When my nan was twelve years old, she was forty seven. Not literally of course, she’s not part dog. What I mean is she was born and after she’d had a go on a bottle of powdered egg made up with spit, she was given a generous hour or so to have a bit of a whinge, you know, get it out of her system, then she was handed a wire brush, pointed in the direction of the nearest hearth and told to get sweeping. No doubt hacking off her own umbilical cord with one of the knitting needles she was using to knit her own babygro as she went.
Times were hard then, oh yes. There was no lollygagging around doing unproductive things like having conversations or getting an education, not when you’re a woman and there’s washing to wind through a mangle, indescribable chunks of offal to be boiled and coal to be hewn from the very earth with your bare hands. A girl was expected to replace childhood with manual labour then go straight to marriage (someone with a solid job like farmer, not one of these ‘intellectual’ types who could read). The only career prospects my nan had were childbirth or typing (frequently at the same time, I imagine) or being a ‘woman who does’, which roughly translated means doing everything you’ve done at your house, only in someone else’s house for a pittance. There was no choice except that of her husband who occasionally let her read the back of the paper while he read the interesting bits inside if she promised not to breathe too loudly and kept the cups of tea coming.
When I was twelve years old, I was twelve years old. I had a perm, and braces and an attitude that could slam doors simply by giving them a dirty look. I was lazy, selfish and insufferably hormonal. I messed around at school, bullied my little brother, listened to New Kids On The Block, smoked and generally behaved like a pre-teen she devil. I thought I had the hardest life of anyone I’d ever read about, even those suffering jet women, whatever they were called. They never had to wash up instead of watching The Fresh Prince of Bel-Air, did they? They did NOT.
I was, of course, a twat. But then I was twelve and most twelve year olds are total twats. The difference between me and my nan is two generations but in terms of choice and experience, it’s light years. By twenty one she was married with two children and another on the way. By twenty one I thought my Vauxhall Corsa was my ticket to independence, I practically lived in Topshop and I drank Archers and lemonade as though it was the most sophisticated thing ever to be poured into a glass.
Now I’m almost thirty two. By thirty two my nan had raised her own children, adopted another kid for good measure (well why not? There’s always enough pickled tongue to go round) and was working as a secretary, spending her evenings trying not to upset my grandfather by accidentally straying into his line of sight and making sure he could always reach his cigarette lighter. I on the other hand, have spun out the last few years making poor choices, relying too heavily on my parents and gadding around selfishly with barely a thought for anyone else.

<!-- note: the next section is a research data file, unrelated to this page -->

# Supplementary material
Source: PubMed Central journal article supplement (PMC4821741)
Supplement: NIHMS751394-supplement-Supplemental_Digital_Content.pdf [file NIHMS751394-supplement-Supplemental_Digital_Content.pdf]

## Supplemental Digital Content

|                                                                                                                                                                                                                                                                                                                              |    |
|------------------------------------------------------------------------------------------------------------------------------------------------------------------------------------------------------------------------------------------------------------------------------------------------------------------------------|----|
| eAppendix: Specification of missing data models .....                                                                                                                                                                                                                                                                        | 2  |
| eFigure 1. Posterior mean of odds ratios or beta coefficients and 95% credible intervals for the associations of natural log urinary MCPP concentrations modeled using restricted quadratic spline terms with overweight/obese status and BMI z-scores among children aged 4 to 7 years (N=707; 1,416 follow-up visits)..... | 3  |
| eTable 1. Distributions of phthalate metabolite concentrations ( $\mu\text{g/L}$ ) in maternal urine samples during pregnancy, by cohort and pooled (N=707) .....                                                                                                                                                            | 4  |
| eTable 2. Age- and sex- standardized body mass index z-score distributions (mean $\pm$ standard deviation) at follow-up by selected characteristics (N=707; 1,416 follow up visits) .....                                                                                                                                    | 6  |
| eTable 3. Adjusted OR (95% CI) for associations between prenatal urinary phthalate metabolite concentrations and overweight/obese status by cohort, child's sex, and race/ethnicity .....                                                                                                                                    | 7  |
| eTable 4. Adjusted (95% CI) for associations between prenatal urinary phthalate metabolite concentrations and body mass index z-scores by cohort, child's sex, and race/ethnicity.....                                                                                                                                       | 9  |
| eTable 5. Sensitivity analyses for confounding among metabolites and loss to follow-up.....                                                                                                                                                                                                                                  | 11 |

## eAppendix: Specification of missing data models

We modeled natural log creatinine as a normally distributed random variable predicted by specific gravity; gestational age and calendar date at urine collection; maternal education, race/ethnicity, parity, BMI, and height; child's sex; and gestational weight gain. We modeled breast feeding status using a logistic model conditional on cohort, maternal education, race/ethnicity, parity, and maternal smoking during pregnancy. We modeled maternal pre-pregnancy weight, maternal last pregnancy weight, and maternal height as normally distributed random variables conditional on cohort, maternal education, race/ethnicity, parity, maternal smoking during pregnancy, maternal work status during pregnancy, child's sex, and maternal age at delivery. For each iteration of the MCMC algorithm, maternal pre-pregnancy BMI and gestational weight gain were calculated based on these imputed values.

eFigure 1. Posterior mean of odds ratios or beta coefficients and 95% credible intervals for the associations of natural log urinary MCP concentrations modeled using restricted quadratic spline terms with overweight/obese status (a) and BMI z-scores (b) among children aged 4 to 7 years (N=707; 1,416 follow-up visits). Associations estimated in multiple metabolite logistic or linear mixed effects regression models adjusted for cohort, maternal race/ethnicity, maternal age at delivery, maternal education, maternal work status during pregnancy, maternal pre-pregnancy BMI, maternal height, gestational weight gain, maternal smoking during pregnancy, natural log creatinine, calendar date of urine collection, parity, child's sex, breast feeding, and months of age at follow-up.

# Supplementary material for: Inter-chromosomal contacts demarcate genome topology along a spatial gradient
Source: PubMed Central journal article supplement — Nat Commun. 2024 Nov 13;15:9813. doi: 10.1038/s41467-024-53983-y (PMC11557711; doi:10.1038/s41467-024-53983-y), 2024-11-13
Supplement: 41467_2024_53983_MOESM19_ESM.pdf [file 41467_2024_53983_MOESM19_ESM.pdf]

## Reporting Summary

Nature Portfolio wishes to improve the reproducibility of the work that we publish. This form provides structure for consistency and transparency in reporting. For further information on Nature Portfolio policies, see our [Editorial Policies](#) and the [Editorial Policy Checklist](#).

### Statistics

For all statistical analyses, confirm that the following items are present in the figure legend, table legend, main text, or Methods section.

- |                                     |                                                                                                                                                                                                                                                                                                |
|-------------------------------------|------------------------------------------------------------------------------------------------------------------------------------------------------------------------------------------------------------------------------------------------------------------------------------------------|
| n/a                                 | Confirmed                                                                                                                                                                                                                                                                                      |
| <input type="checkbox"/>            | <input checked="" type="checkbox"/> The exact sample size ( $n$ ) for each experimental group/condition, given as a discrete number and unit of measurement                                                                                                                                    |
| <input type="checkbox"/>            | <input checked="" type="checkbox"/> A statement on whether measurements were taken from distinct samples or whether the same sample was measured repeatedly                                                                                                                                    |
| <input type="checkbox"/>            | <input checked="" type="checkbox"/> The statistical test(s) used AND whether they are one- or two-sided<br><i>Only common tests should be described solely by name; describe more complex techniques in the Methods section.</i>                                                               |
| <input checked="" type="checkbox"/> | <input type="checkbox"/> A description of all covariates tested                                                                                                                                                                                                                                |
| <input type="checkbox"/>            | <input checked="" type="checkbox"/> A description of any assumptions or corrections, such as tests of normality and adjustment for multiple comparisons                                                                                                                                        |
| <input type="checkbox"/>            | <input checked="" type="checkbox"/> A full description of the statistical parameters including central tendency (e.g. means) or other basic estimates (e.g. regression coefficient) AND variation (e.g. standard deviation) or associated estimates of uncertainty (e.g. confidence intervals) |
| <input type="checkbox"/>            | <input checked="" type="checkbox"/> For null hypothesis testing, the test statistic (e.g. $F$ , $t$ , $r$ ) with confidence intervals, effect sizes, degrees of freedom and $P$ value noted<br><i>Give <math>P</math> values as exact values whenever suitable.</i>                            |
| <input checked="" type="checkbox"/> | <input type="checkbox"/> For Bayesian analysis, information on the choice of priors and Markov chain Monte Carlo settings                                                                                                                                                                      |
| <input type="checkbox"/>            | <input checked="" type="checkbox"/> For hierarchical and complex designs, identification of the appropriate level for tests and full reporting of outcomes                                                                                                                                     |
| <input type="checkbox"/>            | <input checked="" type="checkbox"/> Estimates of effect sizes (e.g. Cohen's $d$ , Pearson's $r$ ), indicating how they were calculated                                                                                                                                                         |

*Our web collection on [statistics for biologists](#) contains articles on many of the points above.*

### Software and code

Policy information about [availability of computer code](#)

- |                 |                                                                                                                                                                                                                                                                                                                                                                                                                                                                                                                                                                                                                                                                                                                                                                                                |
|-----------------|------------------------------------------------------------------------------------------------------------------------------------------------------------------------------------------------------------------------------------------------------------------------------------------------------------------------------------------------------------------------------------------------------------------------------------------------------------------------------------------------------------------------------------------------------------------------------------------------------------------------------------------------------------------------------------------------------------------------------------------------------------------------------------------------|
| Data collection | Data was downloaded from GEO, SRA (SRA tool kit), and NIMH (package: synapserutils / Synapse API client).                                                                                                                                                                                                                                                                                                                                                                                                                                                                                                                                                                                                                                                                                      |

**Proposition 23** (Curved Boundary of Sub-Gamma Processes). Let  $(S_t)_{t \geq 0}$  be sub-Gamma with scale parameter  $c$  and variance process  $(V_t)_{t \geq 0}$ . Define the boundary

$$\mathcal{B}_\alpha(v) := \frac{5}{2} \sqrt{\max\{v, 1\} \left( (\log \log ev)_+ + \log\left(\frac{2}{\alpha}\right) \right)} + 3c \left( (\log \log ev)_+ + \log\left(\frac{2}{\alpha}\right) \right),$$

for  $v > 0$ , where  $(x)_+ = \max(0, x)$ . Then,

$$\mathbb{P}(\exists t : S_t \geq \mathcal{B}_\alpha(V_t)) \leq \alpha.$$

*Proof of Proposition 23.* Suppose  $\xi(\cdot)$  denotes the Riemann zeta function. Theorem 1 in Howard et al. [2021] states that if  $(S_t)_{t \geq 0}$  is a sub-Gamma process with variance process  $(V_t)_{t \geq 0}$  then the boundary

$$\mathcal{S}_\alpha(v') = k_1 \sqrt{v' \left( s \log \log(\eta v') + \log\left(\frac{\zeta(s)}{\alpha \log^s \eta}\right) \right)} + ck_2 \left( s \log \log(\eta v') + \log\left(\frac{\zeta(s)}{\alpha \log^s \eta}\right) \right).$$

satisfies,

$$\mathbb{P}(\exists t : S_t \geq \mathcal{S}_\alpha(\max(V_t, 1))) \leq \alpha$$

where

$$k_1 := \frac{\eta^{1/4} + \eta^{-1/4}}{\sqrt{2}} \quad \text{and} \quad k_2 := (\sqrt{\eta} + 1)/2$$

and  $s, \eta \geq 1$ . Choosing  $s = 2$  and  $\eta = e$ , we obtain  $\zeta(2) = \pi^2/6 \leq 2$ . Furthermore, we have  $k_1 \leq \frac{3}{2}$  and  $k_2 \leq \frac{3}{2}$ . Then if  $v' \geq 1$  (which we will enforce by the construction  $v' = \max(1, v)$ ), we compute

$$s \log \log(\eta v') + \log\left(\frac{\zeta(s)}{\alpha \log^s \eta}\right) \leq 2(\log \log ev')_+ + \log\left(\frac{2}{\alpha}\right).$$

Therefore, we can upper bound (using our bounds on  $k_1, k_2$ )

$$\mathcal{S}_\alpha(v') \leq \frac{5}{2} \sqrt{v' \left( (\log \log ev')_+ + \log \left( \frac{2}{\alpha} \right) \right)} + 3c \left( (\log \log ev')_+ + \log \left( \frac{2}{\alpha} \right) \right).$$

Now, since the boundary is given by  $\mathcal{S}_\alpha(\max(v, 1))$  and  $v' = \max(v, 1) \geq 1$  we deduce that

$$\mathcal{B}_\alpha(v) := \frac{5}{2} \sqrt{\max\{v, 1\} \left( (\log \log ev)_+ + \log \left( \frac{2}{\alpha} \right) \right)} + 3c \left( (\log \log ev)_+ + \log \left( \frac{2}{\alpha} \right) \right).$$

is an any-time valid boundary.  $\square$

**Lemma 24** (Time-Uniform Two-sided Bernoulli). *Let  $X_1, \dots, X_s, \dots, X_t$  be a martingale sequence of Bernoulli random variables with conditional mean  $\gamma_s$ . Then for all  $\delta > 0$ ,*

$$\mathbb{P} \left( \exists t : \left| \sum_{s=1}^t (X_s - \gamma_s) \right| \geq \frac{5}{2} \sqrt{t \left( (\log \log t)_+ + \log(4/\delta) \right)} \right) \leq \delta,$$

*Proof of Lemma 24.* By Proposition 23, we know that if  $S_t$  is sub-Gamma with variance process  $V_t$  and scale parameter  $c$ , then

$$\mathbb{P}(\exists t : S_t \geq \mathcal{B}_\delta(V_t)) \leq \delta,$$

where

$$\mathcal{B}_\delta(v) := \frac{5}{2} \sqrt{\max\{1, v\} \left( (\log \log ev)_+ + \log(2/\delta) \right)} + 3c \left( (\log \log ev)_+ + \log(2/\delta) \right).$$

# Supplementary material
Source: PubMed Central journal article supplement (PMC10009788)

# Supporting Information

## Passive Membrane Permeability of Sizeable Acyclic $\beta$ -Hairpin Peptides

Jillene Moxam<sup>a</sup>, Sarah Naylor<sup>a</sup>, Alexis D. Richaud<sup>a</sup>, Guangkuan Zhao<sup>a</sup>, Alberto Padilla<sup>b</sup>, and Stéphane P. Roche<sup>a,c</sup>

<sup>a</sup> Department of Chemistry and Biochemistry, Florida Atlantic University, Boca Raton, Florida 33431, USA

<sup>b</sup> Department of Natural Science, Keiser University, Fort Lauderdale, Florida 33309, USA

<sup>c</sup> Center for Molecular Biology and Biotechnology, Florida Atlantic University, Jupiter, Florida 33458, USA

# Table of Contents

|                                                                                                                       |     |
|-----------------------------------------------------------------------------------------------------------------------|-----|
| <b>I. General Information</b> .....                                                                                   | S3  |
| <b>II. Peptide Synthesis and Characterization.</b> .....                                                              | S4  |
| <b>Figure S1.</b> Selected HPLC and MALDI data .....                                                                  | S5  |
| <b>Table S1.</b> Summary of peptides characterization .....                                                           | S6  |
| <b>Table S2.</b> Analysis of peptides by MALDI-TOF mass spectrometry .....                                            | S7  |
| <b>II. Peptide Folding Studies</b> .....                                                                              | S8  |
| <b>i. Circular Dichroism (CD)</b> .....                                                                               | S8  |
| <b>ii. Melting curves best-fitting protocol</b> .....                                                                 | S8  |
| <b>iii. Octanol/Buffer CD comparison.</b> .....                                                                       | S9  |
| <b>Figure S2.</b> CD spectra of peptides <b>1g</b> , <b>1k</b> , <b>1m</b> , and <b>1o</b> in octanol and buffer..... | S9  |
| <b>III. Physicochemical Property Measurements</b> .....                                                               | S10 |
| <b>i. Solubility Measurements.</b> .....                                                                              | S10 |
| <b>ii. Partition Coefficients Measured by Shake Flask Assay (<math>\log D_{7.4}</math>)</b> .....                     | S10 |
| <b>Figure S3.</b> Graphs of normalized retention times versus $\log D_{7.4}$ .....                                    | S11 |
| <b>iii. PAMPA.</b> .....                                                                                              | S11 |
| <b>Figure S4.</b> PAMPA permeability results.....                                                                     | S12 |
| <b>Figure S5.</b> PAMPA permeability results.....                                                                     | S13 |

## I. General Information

Society (yeah, I said it let’s move on) says that’s fine. We have more choice than any of the generations before us. We’re living longer, we’re getting married later, if at all, and we’re having children whenever we’ve decided that drinking and staying out until 5am, only coming home when you stink of sick and it isn’t even yours, is just no fun any more. We are wealthy and we have leisure time. My nan’s only leisure time was her honeymoon; a week in Torquay then nothing again until my grandfather died when, after waiting for a decent period of mourning, she hopped on a plane to California (we cheered when she told us she’d booked a ticket).
Apparently it’s fine for me to rinse a month’s wages on a pair of shoes and I can, without judgement, move back in with my long-suffering parents if yet another poor decision leaves me virtually destitute. I could not have survived the kind of life my nan did, the unimaginable hardship and suffering she endured, often alone, would break your average thirty-something now. We are indulged and indulgent with little thought for the consequences of our actions or even the immediate future.
I don’t feel thirty two inside; I feel about eighteen most days. I can’t believe I’m allowed to drive cars and go to meetings and pay bills. Occasionally I’ll catch myself saying something grown up (admittedly not that often) and I have to fight the urge to suddenly shout ‘Why are you listening to me? Can’t you see I’m just winging this?!’ I keep expecting to grow up. I keep waiting for the day when I suddenly understand what an ISA is, or why everyone’s upset over the Gaza strip (and where it is, now we come to mention it). I attended my friend’s thirtieth birthday lunch yesterday. There we all were, sitting around a table, making conversation and laughing together and it hit me. The longer I keep waiting for the day of maturity to hit me, the more I’m missing of my life as it is now with it’s optimum balance of silliness and financial stress. The time has come to get a grip, be grateful I’m not nearly dead of consumption and living off pig’s tail broth and embrace turning thirty two for the life adventure it is. I’m having my birthday lunch in a Wimpy, though.